Thanks to the wonders of the Internet—A lot of archives these days have been partially digitized, or indexes to the archives have been put on the Internet. I was able to spend some time searching keywords like chino in the Spanish government archive website and that led me to find a few records, including one about this Asian slave whose name was Diego de la Cruz. Diego was brought to Guatemala actually, on a galleon shipped in the mid 1600s. He runs away in Guatemala and two years later he’s arrested for theft and put on trial. So what we have is that trial record. And that trial record tells us about Diego’s experiences as a Chino slave in America, and more importantly his attempts to become free.

Can you expand on what the term chino means in the context of the Asian slave trade?

Sure. Chino was a fluid ethnic category. Although in Manila a lot of these slaves from different parts of the Indian Ocean and Asian the Pacific world would’ve been described as Jolano or Bengali, once they arrived in the Americas they were all described as chinos. So I guess this term could really preferred to anyone, any slave from this part of the world.

So it just sort of signified that they came in from Manila on the big galleon?

Yes, it’s sort of a generic term for Asians.

So, what were you able to find out about Diego de la Cruz from the historical records?

One of the most interesting things about this trial record that we have is that Diego tells us some things about his biography in his own voice. So Diego told the judge, and all of us now who are reading this trial, that he was born a slave, in Manila, In his master’s house around 1630. So his powers could’ve been from Bengal or Mindanao, we’ll never know for sure.

In 1657, when Diego was about 30 years old, he accompanied his master on a voyage from Manila to the Americas onboard a Galleon ship. This voyage ended in disaster for both men. The ship, which was called La Nuestra Señora de la Victoria, suffered a slow and arduous Pacific crossing. Diego’s master died on the voyage. Perhaps he was sick, he wasn’t eating a very healthy diet. This ship was also way off course and finally weighed anchor at a port called Ampala, which today is known as La Unión in El Salvador — which is way out of the way from Acapulco.

From what you were describing, Diego wasn’t necessarily sent across as a slave, but he was accompanying his master as a personal servant I would assume?

Yes, it was common for people who were more elites to travel with their slaves. So priests would commonly with travel with slaves, as would ship captains and other wealthy important passengers.

So what happens when they get to El Salvador?

When they first arrived in the port, the legal process was that a local legal official confiscated the goods of anyone who died during the voyage. The idea was that they were going to sell that property, and whatever money was made would be sent back to their inheritors who were probably in Spain. So, if they had children or widows they would somehow get the money through this huge transcontinental bureaucracy that was the Spanish Empire.

Diego De la Cruz, he’s taken by the government officials, and locked up in a prison with the intention to sell him later and send the profits to his master’s family. Diego finds himself in the city of San Miguel, which is close to the port, locked up in a prison cell, waiting to be sold to a stranger, in a strange place thousands of miles from home.

What’s interesting is that when he’s in a prison, Diego began to show signs of sickness. Now, this might be real signs of sickness, or maybe he was pretending. Seeing that he was sick, the prison guard took Diego into his own home to recuperate and from here, Diego escaped. He ran away into country he didn’t know, and basically refused to except the life that colonial law said that he should live.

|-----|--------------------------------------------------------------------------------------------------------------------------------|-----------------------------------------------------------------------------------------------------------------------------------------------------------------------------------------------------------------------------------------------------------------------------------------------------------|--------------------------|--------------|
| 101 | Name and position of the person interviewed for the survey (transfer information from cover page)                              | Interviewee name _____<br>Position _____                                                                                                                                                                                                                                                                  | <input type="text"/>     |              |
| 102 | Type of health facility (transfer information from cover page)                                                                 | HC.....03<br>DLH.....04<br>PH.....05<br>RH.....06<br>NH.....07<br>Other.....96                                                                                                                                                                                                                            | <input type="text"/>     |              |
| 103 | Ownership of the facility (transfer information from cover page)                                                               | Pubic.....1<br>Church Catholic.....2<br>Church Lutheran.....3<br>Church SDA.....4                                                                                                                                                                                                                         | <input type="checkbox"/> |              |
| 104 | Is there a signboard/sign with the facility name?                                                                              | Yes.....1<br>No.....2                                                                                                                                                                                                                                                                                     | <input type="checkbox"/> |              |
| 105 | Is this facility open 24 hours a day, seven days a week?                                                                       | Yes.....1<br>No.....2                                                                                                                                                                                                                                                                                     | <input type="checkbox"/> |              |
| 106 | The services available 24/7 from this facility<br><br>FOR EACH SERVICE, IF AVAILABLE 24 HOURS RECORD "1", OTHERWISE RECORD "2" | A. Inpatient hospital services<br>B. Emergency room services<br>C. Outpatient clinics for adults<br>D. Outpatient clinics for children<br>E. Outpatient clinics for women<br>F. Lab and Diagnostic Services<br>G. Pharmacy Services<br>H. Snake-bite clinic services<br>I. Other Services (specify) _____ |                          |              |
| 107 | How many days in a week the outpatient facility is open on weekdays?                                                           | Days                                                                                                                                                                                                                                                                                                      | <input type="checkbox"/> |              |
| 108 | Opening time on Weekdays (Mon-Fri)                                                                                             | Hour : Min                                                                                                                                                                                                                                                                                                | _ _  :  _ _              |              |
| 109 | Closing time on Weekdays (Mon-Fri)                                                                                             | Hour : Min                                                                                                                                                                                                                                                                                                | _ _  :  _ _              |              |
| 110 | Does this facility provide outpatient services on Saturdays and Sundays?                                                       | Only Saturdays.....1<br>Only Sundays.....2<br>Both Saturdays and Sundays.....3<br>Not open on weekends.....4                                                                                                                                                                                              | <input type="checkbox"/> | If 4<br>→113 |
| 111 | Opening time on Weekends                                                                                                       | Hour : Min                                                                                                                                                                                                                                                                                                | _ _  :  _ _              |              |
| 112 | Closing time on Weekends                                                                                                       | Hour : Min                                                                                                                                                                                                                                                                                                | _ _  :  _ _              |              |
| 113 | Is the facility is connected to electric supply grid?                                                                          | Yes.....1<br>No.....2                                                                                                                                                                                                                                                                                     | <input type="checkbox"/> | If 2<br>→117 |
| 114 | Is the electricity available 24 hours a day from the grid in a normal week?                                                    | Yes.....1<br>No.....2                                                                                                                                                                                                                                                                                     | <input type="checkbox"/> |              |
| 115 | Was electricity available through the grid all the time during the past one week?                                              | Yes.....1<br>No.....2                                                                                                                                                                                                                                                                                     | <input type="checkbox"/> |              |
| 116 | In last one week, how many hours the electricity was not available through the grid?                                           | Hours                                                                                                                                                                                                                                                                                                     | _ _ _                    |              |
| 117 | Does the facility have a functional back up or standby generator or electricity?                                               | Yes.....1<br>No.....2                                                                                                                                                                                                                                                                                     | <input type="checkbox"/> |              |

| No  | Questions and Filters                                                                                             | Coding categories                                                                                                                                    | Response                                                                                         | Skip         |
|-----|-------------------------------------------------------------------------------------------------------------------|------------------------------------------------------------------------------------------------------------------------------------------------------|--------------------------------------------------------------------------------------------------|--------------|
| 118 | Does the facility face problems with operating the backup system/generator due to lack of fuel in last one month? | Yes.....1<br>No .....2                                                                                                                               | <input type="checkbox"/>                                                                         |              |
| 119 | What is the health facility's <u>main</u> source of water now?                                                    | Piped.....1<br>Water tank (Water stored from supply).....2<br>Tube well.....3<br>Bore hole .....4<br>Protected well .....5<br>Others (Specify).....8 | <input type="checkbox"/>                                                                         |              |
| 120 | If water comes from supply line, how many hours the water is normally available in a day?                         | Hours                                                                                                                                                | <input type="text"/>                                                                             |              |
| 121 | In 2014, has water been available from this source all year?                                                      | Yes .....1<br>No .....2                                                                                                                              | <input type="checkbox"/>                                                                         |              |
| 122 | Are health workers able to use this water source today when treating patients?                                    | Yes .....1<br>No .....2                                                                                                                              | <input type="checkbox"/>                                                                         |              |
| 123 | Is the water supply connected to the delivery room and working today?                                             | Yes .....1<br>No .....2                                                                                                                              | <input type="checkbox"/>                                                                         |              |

That must’ve been very difficult for him. This is colonial Latin America, and Spanish would not have been as common in the area does that he would have been fleeing to as a spoken language. He clearly looked different. So, how did that go for him?

Well, I think we can empathize with the situation of being a foreigner, in a strange place, and especially the misfortune of landing in El Salvador instead of Acapulco probably meant that there weren’t many other chinos in the port. I think we can assume that Diego spoke Spanish, and that there were people in this region north of city who spoke Spanish. And that would’ve helped. Running away—historians use the word maroonage or marronage to describe this act of running away—and one historian Marcus Rediker says that the act of running away requires many kinds of knowledge to be successful. Technical knowledge, natural and social knowledge. And of these social knowledge, or “how do I cooperate to make alliances?” is really key. So that’s why this act of running away was particularly challenging for Diego de la Cruz. Because he’s in this unfamiliar place, so far from home, and it would’ve been much more difficult to navigate the sort of social relationships operating in Guatemala at the time.

So, what did you do after he ran away?

Well, the trial record that we have, which is the only document that tells us about Diego’s life, says that after Diego ran away he was missing for two years. And after two years he’s arrested for theft. And the judges really surprised at Diego’s ability to remain on the run for so long. And the judge said, “This is a miserable poor man who does not know anyone in the city or how he could work to support himself.” So, the judge is surprised to that Diego ran away, and asked him  to explain how he could survive out there.

Diego tells us that, after escaping from prison, he remained hidden at a hacienda, which is kind of like a farm, belonging to the sargento mayor. We don’t really know if Diego chose to work there of his own volition, or if he was working there, held without his consent or against his will. And he says that after two months on this farm, he went on a trip with the mulatto mule driver to a close by city and on the way back he escaped.

So it could’ve been a mutually beneficial working relationship, but we don’t know anything about his connection to either these estate owner or the mulatto—what did you call him? A muleteer? What’s a muleteer?